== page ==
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Knowing History Helps Us
Combat Corruption and Show Integrity

May 20, 2018
by William P. Meyers

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"I know of no way to judge the future but by the past." — Patrick Henry

We must know history to learn from it.

We are confronted with a complex and volatile international situation and an arduous task of promoting reform, development, and progress here at home. We must draw upon our history of clean government. We must acknowledge when we have allowed corruption to seep into our fine tradition, so that we can recognize it and combat it before it can pervert our society.

To improve conduct in our party and government we need to continue the successful practices our party has long accumulated in these United States of America. We should also learn from the historic experiences, good and bad, of other nations.

America has a history of political corruption, but it also has clean government culture that predates our sacred Declaration of Independence, which declared a break with the corrupt practices of the past even as it made a break with the British Empire.

Government institutions are of fundamental and long-lasting importance to the American people. The solution to the problem of corruption is to improve the system that checks and oversees the exercise of power; grant oversight powers to the people; and make the exercise of power more transparent and institutionalized. We can prevent corrption by establishing a fully effective system for combatting it. We need to work harder to ensure the draconian enforcement of the anti-corruption laws. We should analyze proven cases thoroughly. We must focus reforms on areas prone to corruption, improve our institutions and systems, close loopholes, and eliminate any breeding grounds for curruption.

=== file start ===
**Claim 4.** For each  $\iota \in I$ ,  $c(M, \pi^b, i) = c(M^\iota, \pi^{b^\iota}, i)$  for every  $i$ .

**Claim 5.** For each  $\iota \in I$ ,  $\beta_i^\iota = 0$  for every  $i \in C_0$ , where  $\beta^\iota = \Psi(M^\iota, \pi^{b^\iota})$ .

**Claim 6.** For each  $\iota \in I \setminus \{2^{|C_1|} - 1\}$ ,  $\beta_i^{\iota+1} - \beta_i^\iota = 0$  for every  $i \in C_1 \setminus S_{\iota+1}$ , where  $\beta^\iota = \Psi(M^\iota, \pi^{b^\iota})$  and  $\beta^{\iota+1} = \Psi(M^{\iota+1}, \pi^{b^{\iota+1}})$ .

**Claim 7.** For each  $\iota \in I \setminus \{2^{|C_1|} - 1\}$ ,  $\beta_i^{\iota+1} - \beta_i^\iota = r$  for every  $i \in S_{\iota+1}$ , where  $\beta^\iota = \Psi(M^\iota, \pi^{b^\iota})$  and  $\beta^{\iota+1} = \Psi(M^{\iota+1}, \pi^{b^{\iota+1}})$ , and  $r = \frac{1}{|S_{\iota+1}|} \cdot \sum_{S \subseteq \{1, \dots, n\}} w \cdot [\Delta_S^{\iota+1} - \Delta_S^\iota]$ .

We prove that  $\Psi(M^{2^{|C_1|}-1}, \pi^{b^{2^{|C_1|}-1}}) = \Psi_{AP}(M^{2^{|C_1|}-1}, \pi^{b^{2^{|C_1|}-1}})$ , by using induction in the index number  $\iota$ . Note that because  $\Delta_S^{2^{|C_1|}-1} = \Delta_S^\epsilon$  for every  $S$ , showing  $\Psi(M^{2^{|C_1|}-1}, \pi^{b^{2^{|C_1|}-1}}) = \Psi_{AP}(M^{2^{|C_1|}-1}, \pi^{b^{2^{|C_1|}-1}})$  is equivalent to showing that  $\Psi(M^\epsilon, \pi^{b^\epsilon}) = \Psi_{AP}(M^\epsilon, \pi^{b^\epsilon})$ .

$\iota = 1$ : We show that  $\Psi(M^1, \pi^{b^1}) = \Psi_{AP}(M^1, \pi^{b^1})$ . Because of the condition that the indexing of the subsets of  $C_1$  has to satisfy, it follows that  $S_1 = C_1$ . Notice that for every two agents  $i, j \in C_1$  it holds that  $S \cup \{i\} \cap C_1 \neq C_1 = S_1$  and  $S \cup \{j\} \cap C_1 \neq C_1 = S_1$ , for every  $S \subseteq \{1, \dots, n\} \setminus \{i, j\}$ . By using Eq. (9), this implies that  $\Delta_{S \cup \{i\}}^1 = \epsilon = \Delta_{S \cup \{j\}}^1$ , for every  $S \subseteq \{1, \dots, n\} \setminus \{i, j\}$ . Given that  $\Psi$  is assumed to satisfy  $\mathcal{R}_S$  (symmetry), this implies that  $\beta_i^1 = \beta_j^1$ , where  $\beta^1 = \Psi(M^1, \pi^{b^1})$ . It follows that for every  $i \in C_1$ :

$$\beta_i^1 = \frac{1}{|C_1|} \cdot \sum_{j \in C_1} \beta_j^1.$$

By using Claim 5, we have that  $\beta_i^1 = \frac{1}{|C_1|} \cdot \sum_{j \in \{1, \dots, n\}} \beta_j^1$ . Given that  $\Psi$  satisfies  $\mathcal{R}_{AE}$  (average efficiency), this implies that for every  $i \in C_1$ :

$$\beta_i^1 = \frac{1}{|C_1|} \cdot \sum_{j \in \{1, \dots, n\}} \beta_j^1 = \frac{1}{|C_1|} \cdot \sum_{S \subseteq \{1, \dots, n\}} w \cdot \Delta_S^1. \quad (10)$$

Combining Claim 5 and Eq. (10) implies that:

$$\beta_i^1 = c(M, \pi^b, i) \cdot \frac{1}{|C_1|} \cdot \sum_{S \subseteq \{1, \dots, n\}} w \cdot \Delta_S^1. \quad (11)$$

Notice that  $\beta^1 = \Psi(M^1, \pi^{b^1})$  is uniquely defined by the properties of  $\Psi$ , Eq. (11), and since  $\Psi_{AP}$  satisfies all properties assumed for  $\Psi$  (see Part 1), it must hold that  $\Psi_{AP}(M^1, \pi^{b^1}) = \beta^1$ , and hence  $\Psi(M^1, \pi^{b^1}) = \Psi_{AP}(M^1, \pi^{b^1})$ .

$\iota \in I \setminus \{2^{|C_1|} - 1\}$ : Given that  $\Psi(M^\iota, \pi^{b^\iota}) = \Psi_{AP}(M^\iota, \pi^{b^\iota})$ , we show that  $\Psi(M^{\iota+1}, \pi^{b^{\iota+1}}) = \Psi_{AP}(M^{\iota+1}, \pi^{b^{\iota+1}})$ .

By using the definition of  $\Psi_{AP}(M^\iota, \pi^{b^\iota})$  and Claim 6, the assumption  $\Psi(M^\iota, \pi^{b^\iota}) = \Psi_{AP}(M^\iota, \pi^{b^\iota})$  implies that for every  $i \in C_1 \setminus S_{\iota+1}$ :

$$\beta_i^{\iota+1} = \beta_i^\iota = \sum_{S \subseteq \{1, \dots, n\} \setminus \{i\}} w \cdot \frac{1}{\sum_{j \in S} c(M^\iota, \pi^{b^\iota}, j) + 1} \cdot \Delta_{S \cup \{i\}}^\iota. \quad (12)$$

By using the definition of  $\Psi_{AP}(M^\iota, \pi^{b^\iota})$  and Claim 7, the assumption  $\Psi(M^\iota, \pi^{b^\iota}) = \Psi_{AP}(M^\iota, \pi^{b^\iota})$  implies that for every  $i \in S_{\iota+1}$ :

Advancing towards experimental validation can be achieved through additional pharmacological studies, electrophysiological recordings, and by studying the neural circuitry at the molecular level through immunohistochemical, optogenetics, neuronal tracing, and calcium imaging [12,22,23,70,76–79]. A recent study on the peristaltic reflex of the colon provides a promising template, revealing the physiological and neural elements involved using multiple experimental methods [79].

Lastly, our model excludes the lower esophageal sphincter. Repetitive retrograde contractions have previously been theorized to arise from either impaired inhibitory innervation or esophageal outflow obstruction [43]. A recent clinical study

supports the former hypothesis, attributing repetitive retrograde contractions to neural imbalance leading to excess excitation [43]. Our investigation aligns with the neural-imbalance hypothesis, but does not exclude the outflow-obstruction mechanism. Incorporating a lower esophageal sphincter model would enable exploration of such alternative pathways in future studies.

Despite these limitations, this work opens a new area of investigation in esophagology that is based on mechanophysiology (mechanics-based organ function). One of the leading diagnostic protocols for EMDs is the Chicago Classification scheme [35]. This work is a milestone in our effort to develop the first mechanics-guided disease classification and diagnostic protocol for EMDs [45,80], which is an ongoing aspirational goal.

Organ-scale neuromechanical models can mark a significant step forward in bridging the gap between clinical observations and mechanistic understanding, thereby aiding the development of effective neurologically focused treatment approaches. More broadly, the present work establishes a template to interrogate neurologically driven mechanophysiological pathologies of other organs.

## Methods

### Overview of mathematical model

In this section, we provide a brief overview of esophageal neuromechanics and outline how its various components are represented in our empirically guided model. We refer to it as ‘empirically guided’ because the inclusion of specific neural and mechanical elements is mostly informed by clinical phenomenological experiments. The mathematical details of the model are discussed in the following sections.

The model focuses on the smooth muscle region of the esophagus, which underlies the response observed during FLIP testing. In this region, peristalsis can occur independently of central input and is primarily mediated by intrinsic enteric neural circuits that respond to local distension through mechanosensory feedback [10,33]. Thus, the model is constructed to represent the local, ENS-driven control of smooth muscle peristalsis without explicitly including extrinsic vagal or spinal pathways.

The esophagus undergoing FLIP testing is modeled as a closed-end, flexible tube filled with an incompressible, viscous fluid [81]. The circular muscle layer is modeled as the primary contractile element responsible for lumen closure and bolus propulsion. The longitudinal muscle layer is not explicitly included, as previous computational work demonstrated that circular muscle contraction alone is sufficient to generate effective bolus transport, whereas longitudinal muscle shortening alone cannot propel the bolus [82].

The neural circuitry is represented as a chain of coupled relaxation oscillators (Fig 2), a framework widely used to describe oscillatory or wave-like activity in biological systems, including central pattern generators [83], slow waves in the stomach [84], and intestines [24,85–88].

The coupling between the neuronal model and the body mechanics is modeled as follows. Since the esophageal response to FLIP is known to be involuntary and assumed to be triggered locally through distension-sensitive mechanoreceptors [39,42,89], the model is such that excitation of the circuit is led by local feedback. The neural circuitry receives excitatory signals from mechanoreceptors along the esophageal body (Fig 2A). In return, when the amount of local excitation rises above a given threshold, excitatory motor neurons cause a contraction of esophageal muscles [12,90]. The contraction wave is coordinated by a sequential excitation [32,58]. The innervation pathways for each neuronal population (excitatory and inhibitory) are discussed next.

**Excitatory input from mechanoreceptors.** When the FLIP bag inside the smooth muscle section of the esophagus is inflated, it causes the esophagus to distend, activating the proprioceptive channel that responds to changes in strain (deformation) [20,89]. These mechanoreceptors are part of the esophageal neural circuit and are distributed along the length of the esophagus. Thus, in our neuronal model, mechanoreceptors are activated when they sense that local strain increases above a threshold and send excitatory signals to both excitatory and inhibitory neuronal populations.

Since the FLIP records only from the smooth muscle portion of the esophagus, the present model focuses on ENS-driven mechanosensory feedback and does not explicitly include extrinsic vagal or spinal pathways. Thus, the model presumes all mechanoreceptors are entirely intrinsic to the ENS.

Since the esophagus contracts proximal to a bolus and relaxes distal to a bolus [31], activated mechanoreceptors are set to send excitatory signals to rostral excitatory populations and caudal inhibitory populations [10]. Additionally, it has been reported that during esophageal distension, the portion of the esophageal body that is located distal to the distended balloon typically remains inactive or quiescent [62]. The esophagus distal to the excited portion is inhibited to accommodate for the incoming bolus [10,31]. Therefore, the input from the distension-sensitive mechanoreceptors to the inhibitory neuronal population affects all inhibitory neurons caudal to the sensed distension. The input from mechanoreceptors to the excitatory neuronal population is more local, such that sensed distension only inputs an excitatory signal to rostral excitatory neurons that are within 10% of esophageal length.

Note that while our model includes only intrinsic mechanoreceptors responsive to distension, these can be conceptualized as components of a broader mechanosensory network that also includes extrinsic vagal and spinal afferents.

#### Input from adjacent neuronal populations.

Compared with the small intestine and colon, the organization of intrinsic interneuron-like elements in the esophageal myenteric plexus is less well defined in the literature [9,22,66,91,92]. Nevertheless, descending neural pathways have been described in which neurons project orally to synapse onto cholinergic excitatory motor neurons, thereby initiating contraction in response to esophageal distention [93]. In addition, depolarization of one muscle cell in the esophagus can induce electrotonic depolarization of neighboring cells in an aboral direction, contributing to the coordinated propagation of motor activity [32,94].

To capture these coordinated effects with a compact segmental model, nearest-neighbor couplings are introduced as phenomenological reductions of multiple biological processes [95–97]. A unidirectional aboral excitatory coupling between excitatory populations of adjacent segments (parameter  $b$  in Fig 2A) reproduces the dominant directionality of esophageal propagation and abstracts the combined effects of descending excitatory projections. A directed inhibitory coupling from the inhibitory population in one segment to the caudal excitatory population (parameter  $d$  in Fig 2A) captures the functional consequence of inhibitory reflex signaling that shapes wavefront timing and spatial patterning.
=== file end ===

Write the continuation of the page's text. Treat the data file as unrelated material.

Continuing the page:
A clean system can quickly be corrupted when offials are elected or appointed who put their private needs above those of the public good. Even in good times we must tirelessly combat corruption, and always remain vigilant against it. When the supports for a house fill with termites, the house collapses. When the girders of a bridge rust through, it falls. We must care for our institutions with diligence, less they deteriorate and collapse.

We must be tough, crack down on corruption, and investigate all allegations of corruption. We must catch this rot in its earliest stages, before it grows into a beast that consumes government, business, and society. In this way, we will effectively protect the rights and interests of the public. We will see to it that our public officials remain honest and upright, that the government remains clean, and that political integrity is upheld.

[Note: the above is an experimental speech. It is Americanized and shortened from a speech by Xi Jinping (but probably written by an unnamed speech writer) given in Chinese on April 19, 2013. It is a good usable speech, but it is also an example of using generalizations while avoiding addressing specifics. It's a variation on the type of speech sometimes known as the Sun Will Rise (if I'm Elected) speech.]

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